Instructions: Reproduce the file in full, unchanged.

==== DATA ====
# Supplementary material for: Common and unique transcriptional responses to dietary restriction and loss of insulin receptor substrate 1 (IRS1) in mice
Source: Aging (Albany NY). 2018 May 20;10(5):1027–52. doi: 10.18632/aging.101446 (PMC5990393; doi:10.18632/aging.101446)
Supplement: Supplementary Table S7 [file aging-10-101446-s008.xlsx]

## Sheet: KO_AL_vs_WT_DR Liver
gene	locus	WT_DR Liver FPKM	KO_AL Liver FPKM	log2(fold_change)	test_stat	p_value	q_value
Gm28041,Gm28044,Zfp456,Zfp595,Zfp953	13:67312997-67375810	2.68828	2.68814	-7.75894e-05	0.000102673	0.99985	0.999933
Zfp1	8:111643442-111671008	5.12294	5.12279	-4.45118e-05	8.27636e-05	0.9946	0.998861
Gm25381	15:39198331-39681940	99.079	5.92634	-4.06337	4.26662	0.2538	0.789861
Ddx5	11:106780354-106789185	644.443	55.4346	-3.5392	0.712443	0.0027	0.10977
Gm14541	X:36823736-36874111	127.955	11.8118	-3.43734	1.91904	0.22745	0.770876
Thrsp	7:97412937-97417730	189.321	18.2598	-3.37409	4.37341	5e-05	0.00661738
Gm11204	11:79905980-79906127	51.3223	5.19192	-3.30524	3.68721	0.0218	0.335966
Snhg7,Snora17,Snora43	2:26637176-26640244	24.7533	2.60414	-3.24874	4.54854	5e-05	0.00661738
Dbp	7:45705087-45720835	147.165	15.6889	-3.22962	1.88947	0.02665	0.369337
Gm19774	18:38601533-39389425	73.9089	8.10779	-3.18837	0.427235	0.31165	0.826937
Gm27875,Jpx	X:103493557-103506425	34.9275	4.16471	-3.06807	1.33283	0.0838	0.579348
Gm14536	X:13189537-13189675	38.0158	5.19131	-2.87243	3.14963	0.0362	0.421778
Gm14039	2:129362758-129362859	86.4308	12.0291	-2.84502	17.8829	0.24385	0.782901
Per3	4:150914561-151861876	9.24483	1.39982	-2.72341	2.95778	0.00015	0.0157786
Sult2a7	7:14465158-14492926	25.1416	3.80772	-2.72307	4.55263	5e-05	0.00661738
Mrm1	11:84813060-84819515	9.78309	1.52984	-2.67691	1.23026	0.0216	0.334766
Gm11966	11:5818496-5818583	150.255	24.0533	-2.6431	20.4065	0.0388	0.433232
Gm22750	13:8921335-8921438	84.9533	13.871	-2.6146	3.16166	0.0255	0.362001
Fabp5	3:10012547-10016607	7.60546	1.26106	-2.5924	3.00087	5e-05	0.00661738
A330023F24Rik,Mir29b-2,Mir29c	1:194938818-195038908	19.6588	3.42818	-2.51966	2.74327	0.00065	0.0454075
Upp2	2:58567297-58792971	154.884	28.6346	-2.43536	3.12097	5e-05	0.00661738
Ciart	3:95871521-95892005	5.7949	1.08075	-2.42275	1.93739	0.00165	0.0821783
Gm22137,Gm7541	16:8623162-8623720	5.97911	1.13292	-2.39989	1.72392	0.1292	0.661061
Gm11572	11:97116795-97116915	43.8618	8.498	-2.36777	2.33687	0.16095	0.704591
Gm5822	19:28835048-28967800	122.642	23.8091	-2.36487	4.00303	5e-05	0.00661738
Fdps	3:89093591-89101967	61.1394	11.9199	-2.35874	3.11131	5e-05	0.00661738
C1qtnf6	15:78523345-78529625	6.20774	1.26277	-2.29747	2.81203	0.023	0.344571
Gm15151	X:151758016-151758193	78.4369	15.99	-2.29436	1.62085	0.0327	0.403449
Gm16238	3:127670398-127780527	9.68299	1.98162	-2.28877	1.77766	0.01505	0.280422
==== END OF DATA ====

# Supplementary material for: Common and unique transcriptional responses to dietary restriction and loss of insulin receptor substrate 1 (IRS1) in mice
Source: Aging (Albany NY). 2018 May 20;10(5):1027–52. doi: 10.18632/aging.101446 (PMC5990393; doi:10.18632/aging.101446)
Supplement: Supplementary Table S7 [file aging-10-101446-s008.xlsx]

## Sheet: KO_AL_vs_WT_DR Liver
gene	locus	WT_DR Liver FPKM	KO_AL Liver FPKM	log2(fold_change)	test_stat	p_value	q_value
Gm28041,Gm28044,Zfp456,Zfp595,Zfp953	13:67312997-67375810	2.68828	2.68814	-7.75894e-05	0.000102673	0.99985	0.999933
Zfp1	8:111643442-111671008	5.12294	5.12279	-4.45118e-05	8.27636e-05	0.9946	0.998861
Gm25381	15:39198331-39681940	99.079	5.92634	-4.06337	4.26662	0.2538	0.789861
Ddx5	11:106780354-106789185	644.443	55.4346	-3.5392	0.712443	0.0027	0.10977
Gm14541	X:36823736-36874111	127.955	11.8118	-3.43734	1.91904	0.22745	0.770876
Thrsp	7:97412937-97417730	189.321	18.2598	-3.37409	4.37341	5e-05	0.00661738
Gm11204	11:79905980-79906127	51.3223	5.19192	-3.30524	3.68721	0.0218	0.335966
Snhg7,Snora17,Snora43	2:26637176-26640244	24.7533	2.60414	-3.24874	4.54854	5e-05	0.00661738
Dbp	7:45705087-45720835	147.165	15.6889	-3.22962	1.88947	0.02665	0.369337
Gm19774	18:38601533-39389425	73.9089	8.10779	-3.18837	0.427235	0.31165	0.826937
Gm27875,Jpx	X:103493557-103506425	34.9275	4.16471	-3.06807	1.33283	0.0838	0.579348
Gm14536	X:13189537-13189675	38.0158	5.19131	-2.87243	3.14963	0.0362	0.421778
Gm14039	2:129362758-129362859	86.4308	12.0291	-2.84502	17.8829	0.24385	0.782901
Per3	4:150914561-151861876	9.24483	1.39982	-2.72341	2.95778	0.00015	0.0157786
Sult2a7	7:14465158-14492926	25.1416	3.80772	-2.72307	4.55263	5e-05	0.00661738
Mrm1	11:84813060-84819515	9.78309	1.52984	-2.67691	1.23026	0.0216	0.334766
Gm11966	11:5818496-5818583	150.255	24.0533	-2.6431	20.4065	0.0388	0.433232
Gm22750	13:8921335-8921438	84.9533	13.871	-2.6146	3.16166	0.0255	0.362001
Fabp5	3:10012547-10016607	7.60546	1.26106	-2.5924	3.00087	5e-05	0.00661738
A330023F24Rik,Mir29b-2,Mir29c	1:194938818-195038908	19.6588	3.42818	-2.51966	2.74327	0.00065	0.0454075
Upp2	2:58567297-58792971	154.884	28.6346	-2.43536	3.12097	5e-05	0.00661738
Ciart	3:95871521-95892005	5.7949	1.08075	-2.42275	1.93739	0.00165	0.0821783
Gm22137,Gm7541	16:8623162-8623720	5.97911	1.13292	-2.39989	1.72392	0.1292	0.661061
Gm11572	11:97116795-97116915	43.8618	8.498	-2.36777	2.33687	0.16095	0.704591
Gm5822	19:28835048-28967800	122.642	23.8091	-2.36487	4.00303	5e-05	0.00661738
Fdps	3:89093591-89101967	61.1394	11.9199	-2.35874	3.11131	5e-05	0.00661738
C1qtnf6	15:78523345-78529625	6.20774	1.26277	-2.29747	2.81203	0.023	0.344571
Gm15151	X:151758016-151758193	78.4369	15.99	-2.29436	1.62085	0.0327	0.403449
Gm16238	3:127670398-127780527	9.68299	1.98162	-2.28877	1.77766	0.01505	0.280422